As was the case with Decrees 2 and 4, the Hate Speech and Social Media bills are intended to criminalise those who contravene their provisions with punitive measures such as hefty fines and imprisonment of up to three years just for exercising their right to freedom of speech or express views that top government officials do not like for one reason or another. In fact, the Hate Speech bill initially stipulated life imprisonment or and death penalty for offenders depending on the gravity of each case, although after well justified outcry from the public it appears that the section prescribing capital punishment has been expunged. Now, several commentators have argued, correctly in my view, that the Hate Speech and Social Media bills are totally unacceptable in a democratic setting because freedom of expression is a fundamental pillar of democracy.

Besides, the bills are unnecessary: some of the offenses they identified have been adequately covered by provisions in existing laws. For instance, the Cyber Crimes Act and Anti-Terrorism Act address many of the issues the new legislations seek to remedy. Needless to say, it is an index of the extremely low quality of politicians in the country these days that so-called representatives of the people are not ashamed to propose laws that actually mimic draconian decrees issued by the same person, a former military dictator who is currently the civilian President when there are critical issues of escalating poverty, unemployment, killings, climate change and so on that require urgent legislative action. If there is any doubt that from 2015 the APC has rolled back the little distance Nigeria had travelled since 1999 along the road to mature democracy, the two anti-democratic bills sponsored by its senators have erased such doubts.

To hope or believe that President Buhari can midwife positive change in Nigeria’s experiment with democracy is self-delusion. I have just noted the reincarnation of obnoxious decrees 2 and 4 in the two freedom-negating bills before the Senate. About four months ago, precisely in August 20, 2019, the federal government closed the land borders (although there are credible footages in the media showing that smuggling is still going on in the borders of northern Nigeria) and they will remain closed till January 31, 2020. This is reminiscent of the unilateral border closure of 1984 when Buhari was military head of state.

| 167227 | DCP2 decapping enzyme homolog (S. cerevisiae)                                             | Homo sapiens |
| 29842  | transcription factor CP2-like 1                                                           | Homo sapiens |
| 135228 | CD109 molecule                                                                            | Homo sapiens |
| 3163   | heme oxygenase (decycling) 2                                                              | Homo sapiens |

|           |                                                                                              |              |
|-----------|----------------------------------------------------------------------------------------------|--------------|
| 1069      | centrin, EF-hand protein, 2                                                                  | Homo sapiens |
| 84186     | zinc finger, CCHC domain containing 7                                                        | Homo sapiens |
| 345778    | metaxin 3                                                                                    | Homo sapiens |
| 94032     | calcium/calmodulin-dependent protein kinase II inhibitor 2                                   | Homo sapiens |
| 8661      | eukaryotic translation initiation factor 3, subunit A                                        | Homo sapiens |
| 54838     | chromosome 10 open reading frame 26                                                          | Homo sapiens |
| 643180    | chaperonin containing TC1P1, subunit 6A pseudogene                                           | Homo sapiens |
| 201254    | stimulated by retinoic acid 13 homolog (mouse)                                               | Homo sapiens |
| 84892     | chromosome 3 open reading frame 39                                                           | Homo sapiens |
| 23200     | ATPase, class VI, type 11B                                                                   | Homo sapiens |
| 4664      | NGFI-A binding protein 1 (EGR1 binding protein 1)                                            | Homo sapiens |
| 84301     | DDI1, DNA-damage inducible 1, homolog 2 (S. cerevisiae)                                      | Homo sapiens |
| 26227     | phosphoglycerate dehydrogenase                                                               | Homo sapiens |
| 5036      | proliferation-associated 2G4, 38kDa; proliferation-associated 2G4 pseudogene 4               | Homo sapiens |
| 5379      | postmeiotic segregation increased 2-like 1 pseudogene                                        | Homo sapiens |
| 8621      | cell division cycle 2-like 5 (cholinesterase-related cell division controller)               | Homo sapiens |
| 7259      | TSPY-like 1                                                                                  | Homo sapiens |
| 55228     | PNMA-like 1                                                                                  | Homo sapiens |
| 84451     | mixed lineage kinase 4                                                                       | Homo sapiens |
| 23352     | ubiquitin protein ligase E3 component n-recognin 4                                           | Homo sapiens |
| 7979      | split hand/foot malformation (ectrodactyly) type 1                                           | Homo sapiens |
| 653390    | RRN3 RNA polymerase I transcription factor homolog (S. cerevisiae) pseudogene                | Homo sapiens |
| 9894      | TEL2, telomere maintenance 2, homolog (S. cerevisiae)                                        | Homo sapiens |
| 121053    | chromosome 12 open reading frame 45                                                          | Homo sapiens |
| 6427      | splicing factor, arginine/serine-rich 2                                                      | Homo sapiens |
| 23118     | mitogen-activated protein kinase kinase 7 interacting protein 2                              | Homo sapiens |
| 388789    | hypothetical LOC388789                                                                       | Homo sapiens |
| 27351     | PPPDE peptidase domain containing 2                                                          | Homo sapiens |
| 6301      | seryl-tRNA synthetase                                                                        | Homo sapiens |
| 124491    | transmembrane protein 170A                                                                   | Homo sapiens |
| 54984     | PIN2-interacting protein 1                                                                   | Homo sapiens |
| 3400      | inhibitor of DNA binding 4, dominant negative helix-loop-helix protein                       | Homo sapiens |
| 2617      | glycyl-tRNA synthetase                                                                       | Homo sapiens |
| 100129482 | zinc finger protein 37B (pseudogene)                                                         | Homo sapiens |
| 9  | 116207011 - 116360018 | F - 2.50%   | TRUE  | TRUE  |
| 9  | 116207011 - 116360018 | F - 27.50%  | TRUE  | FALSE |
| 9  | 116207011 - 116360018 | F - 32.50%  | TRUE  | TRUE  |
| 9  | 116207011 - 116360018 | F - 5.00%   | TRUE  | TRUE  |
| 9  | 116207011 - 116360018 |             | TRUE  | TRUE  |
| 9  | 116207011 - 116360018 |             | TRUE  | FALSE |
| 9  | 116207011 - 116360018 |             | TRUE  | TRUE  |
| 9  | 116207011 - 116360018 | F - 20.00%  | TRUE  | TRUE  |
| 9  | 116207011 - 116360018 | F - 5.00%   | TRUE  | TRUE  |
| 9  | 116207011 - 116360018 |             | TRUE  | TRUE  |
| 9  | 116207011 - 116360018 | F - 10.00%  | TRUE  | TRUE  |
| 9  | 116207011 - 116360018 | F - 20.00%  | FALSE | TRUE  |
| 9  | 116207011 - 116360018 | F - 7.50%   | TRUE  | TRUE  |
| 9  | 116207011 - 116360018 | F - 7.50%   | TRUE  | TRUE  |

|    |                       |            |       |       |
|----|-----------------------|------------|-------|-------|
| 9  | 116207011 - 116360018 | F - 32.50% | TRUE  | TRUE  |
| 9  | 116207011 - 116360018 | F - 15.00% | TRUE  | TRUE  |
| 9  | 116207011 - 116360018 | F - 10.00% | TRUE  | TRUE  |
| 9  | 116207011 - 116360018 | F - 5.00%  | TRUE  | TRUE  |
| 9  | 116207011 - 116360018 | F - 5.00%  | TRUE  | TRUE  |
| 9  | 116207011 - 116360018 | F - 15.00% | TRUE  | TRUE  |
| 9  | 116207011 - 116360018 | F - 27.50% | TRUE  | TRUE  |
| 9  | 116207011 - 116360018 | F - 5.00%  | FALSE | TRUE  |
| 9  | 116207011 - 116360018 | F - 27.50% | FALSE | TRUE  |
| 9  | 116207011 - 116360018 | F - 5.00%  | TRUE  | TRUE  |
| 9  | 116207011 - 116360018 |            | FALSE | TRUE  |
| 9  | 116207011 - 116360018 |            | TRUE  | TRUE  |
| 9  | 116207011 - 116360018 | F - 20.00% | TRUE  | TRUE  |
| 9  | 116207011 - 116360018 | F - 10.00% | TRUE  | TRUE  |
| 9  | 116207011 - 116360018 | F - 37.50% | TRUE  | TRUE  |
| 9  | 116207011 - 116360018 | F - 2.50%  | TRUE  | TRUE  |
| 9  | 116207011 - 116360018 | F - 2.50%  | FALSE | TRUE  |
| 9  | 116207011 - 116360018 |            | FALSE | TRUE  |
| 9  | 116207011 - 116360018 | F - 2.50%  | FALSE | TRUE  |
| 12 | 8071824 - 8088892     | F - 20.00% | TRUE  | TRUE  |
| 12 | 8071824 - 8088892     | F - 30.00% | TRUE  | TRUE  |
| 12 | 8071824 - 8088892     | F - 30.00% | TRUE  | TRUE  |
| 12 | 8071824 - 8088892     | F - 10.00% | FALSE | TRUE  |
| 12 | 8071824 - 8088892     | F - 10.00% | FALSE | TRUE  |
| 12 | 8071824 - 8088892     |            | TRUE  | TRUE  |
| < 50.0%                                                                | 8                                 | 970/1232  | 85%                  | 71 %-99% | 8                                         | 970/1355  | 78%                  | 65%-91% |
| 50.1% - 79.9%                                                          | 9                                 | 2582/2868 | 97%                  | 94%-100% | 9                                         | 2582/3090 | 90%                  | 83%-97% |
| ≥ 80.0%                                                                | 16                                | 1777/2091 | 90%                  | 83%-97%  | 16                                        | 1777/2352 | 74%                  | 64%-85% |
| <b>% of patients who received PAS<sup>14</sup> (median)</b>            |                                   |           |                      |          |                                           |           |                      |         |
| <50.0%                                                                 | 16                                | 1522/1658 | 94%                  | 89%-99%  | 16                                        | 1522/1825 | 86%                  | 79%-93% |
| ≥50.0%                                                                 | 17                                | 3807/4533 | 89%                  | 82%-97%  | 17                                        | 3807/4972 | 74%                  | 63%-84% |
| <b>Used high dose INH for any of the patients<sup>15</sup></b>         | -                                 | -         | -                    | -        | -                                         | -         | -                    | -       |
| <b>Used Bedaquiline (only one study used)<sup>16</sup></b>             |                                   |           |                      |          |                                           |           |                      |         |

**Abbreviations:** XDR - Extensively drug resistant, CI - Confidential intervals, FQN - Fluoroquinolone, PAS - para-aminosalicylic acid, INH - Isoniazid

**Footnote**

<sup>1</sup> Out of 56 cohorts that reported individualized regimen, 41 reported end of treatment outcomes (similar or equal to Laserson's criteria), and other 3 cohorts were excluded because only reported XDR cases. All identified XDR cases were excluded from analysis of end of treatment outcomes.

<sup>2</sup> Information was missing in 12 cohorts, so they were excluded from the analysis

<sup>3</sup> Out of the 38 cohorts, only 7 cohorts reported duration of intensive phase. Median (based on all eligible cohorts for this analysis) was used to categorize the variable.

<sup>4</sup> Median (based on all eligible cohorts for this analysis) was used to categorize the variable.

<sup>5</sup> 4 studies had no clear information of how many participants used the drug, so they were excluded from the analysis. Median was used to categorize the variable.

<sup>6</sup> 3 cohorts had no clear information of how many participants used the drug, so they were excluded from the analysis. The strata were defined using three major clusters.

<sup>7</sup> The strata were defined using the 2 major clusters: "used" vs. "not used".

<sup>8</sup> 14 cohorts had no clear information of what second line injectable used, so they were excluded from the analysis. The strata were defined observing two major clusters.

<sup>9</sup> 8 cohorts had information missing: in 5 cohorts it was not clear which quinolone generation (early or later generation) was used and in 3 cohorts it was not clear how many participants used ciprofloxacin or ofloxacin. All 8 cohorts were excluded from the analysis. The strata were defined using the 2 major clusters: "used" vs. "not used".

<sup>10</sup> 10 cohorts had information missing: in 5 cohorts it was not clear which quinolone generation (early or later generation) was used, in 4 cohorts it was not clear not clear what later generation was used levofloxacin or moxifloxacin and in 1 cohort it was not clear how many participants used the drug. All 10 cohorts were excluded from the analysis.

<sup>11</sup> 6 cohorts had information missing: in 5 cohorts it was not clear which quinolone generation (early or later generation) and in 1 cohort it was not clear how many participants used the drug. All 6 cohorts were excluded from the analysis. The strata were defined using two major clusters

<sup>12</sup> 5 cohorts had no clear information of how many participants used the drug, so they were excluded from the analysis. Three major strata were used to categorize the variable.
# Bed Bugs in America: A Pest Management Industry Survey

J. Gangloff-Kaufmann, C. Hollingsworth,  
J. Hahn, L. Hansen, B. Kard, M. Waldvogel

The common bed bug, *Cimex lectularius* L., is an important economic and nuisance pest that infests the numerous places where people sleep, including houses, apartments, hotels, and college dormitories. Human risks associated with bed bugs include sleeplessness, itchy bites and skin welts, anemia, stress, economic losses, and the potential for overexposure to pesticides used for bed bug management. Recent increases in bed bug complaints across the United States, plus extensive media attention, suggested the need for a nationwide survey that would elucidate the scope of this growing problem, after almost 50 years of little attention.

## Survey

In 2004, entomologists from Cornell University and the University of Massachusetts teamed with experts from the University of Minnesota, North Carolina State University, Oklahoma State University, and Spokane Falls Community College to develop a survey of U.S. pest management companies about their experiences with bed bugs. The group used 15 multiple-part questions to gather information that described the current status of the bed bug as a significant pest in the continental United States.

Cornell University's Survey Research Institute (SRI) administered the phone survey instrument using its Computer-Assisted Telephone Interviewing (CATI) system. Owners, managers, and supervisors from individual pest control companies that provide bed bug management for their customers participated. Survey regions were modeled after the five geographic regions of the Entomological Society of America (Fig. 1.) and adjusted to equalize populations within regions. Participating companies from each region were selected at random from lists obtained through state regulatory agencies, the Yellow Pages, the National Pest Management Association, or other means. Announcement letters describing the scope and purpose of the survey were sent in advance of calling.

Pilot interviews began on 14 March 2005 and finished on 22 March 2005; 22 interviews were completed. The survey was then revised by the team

It is remarkable that the President is applying the same hackneyed strategy he used thirty-five years ago ostensibly to curb smuggling, minimise illegal migration and halt the flow of arms from neighbouring countries into Nigeria. Now, in a recent lecture at the University of Lagos entitled “Unilateral Border Closures: Thirty-Five Years of Retrospection on Nigeria and Africa,” Anthony Asiwaju, emeritus Professor of history, wondered whether the recent border closure is not contradictory to professed engagements with democracy and respect for people’s and human rights, including the livelihoods of those in the border communities. Prof. Asiwaju suggested that specialised proactive border-management institutions would have been a better option for handling the complex border issues with countries sharing land borders with Nigeria.

As usual, Buhari apologists inside and outside government who support the closure seldom take time to consider critically and comprehensively the possible impact of government policies before implementing them. These people seem to be thinking with one half of their brains when they claim that the closure has reduced smuggling, increased revenue to Customs, and boosted patronage of locally produced commodities (especially rice) without considering its serious injurious effects on people doing legitimate businesses in the border communities, steep rise in prices of basic food items, and unilateral abrogation of protocols for free movement of people and goods endorsed by countries under the umbrella of ECOWAS. In other words, the closure is a mixed blessing; a case of extreme nationalism that would probably do more harm than good as was the case in 1984. More than ever before, Nigerians are suffering from the radioactive effects of a leadership that acts before thinking critically, lacking in historical vision and wisdom. Suffice it to say that with the second coming of President Muhammadu Buhari, the normalisation of suffering and self-deception has turned full circle. Concluded.